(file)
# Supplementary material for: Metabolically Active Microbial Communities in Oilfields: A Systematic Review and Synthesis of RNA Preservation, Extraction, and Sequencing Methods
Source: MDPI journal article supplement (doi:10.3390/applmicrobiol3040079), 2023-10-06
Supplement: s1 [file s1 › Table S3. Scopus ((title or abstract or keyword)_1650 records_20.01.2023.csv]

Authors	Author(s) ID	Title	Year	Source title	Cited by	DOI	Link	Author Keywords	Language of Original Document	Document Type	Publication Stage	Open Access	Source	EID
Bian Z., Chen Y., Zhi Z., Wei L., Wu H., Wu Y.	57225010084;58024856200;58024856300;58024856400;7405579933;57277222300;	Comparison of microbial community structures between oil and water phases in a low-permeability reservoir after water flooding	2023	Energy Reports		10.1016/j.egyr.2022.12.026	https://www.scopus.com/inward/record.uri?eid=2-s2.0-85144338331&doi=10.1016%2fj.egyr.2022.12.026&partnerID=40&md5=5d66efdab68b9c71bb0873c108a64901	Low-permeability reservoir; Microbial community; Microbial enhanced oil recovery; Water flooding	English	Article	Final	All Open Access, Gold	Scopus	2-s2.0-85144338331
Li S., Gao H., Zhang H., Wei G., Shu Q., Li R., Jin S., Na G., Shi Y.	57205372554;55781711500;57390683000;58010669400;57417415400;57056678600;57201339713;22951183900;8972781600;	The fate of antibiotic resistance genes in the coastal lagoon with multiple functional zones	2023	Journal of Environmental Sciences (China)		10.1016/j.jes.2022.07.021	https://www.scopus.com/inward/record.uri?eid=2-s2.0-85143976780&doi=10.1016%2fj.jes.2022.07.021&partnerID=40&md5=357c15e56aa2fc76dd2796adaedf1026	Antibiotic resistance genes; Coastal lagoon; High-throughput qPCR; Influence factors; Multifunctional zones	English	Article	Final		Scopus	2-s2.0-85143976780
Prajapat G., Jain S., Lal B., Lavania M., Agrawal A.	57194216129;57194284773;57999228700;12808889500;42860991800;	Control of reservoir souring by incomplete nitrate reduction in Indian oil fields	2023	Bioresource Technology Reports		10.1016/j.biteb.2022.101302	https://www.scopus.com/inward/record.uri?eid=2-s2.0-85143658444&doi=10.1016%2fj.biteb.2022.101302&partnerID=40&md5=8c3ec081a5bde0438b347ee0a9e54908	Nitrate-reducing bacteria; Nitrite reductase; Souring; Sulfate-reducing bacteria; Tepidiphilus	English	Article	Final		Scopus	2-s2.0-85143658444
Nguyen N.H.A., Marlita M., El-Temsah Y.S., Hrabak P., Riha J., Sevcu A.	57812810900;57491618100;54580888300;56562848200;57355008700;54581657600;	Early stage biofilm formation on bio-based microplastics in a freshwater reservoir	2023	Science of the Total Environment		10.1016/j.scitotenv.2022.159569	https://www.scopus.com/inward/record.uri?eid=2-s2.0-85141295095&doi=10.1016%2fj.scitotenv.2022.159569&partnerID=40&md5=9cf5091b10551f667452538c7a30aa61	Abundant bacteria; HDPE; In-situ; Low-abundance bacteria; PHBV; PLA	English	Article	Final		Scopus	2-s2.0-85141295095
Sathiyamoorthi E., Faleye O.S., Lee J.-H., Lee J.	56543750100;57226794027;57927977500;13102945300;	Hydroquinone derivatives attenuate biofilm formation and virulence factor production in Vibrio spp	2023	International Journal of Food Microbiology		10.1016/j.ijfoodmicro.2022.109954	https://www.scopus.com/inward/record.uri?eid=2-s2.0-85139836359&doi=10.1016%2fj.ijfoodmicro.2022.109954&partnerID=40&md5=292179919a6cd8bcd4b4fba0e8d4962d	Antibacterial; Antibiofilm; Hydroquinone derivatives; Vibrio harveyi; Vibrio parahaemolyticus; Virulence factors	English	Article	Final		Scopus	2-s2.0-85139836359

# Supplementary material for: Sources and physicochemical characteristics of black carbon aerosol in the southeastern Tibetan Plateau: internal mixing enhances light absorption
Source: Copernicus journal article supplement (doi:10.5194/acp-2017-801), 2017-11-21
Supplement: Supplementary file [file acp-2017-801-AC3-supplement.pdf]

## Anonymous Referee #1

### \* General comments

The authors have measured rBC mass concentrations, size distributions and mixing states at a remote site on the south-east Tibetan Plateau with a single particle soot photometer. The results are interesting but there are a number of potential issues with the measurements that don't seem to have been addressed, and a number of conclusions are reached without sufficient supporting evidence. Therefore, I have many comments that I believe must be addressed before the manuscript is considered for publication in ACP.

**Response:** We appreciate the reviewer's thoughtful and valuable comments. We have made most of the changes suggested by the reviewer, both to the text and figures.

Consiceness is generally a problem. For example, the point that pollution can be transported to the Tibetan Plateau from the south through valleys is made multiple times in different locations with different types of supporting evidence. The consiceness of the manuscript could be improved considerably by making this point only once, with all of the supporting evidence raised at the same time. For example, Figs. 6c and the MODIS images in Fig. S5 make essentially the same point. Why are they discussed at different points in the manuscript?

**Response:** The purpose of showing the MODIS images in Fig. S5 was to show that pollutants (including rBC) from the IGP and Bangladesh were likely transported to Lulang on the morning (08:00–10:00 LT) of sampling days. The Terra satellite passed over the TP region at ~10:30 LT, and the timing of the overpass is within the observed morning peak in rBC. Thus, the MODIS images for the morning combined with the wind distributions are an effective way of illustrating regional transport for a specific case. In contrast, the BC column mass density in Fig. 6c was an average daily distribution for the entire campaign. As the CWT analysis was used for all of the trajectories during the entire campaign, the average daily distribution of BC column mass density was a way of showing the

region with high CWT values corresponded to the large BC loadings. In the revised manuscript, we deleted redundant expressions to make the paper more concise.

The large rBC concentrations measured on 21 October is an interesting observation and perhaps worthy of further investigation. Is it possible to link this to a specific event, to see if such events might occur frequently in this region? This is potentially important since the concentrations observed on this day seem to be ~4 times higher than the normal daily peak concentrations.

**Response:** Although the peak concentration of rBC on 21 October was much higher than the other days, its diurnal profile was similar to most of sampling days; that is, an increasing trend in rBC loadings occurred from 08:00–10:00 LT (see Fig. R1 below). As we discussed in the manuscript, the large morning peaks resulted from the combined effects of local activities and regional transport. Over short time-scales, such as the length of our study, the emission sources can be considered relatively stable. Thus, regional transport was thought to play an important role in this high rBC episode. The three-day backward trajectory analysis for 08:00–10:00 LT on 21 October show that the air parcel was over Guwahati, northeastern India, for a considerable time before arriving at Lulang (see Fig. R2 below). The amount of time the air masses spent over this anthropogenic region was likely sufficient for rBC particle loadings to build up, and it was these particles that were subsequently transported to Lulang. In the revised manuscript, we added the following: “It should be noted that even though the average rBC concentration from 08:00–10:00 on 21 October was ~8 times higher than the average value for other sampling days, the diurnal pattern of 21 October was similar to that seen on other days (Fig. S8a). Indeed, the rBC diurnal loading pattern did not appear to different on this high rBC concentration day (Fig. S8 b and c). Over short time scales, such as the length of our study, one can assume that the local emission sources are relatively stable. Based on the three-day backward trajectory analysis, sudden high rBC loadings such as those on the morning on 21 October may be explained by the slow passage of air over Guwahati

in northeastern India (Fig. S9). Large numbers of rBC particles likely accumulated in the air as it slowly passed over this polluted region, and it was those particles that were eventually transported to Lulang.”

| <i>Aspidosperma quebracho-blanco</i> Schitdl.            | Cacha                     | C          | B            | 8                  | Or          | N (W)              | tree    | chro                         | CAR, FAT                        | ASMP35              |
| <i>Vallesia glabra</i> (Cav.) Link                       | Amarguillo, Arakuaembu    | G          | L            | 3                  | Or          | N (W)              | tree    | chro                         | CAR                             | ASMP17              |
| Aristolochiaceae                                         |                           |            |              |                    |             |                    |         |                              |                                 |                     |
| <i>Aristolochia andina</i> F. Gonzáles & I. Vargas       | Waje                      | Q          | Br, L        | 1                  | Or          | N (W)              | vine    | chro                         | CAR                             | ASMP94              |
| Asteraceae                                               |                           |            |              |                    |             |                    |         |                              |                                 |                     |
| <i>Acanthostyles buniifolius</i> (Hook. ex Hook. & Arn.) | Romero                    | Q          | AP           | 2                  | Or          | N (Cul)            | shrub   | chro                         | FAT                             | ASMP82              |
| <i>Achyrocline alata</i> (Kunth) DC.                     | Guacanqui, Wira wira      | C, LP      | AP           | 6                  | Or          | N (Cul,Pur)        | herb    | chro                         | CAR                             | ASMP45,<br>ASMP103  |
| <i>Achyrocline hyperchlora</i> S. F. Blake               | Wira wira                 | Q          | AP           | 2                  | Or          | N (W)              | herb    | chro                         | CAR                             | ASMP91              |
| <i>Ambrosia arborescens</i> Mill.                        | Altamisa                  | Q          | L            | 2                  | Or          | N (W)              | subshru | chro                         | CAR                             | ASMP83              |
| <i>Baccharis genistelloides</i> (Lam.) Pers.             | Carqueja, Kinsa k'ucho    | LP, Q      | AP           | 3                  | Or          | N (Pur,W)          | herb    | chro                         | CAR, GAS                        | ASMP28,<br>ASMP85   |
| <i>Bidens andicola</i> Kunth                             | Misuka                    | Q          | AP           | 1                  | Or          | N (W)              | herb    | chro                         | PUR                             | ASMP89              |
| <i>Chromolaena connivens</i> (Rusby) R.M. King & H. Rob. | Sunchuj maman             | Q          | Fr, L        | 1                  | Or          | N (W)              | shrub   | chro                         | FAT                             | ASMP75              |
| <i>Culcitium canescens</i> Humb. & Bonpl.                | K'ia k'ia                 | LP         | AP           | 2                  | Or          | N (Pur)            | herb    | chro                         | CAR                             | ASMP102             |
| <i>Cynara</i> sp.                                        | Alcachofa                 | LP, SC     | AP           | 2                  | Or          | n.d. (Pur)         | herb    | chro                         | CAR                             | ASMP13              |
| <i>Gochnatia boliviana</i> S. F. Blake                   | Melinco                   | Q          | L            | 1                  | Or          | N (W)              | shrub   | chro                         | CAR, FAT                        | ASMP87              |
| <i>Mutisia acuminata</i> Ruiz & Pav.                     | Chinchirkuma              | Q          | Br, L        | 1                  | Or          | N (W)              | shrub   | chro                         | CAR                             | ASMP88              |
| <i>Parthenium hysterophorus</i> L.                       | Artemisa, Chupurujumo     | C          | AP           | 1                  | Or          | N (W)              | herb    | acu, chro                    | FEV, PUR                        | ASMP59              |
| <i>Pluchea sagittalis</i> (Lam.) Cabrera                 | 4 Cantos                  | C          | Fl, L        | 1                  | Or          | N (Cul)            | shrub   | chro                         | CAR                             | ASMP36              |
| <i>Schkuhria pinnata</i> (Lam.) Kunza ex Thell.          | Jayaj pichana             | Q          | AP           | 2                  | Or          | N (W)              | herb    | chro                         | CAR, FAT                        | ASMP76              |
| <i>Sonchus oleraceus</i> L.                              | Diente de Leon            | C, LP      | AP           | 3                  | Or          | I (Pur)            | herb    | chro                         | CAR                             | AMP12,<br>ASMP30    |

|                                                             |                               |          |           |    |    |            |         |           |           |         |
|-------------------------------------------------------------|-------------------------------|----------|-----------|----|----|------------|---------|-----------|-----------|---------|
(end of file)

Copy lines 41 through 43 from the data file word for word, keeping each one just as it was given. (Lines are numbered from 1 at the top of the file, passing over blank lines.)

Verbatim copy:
| <i>Schkuhria pinnata</i> (Lam.) Kunza ex Thell.          | Jayaj pichana             | Q          | AP           | 2                  | Or          | N (W)              | herb    | chro                         | CAR, FAT                        | ASMP76              |
| <i>Sonchus oleraceus</i> L.                              | Diente de Leon            | C, LP      | AP           | 3                  | Or          | I (Pur)            | herb    | chro                         | CAR                             | AMP12,<br>ASMP30    |

|                                                             |                               |          |           |    |    |            |         |           |           |         |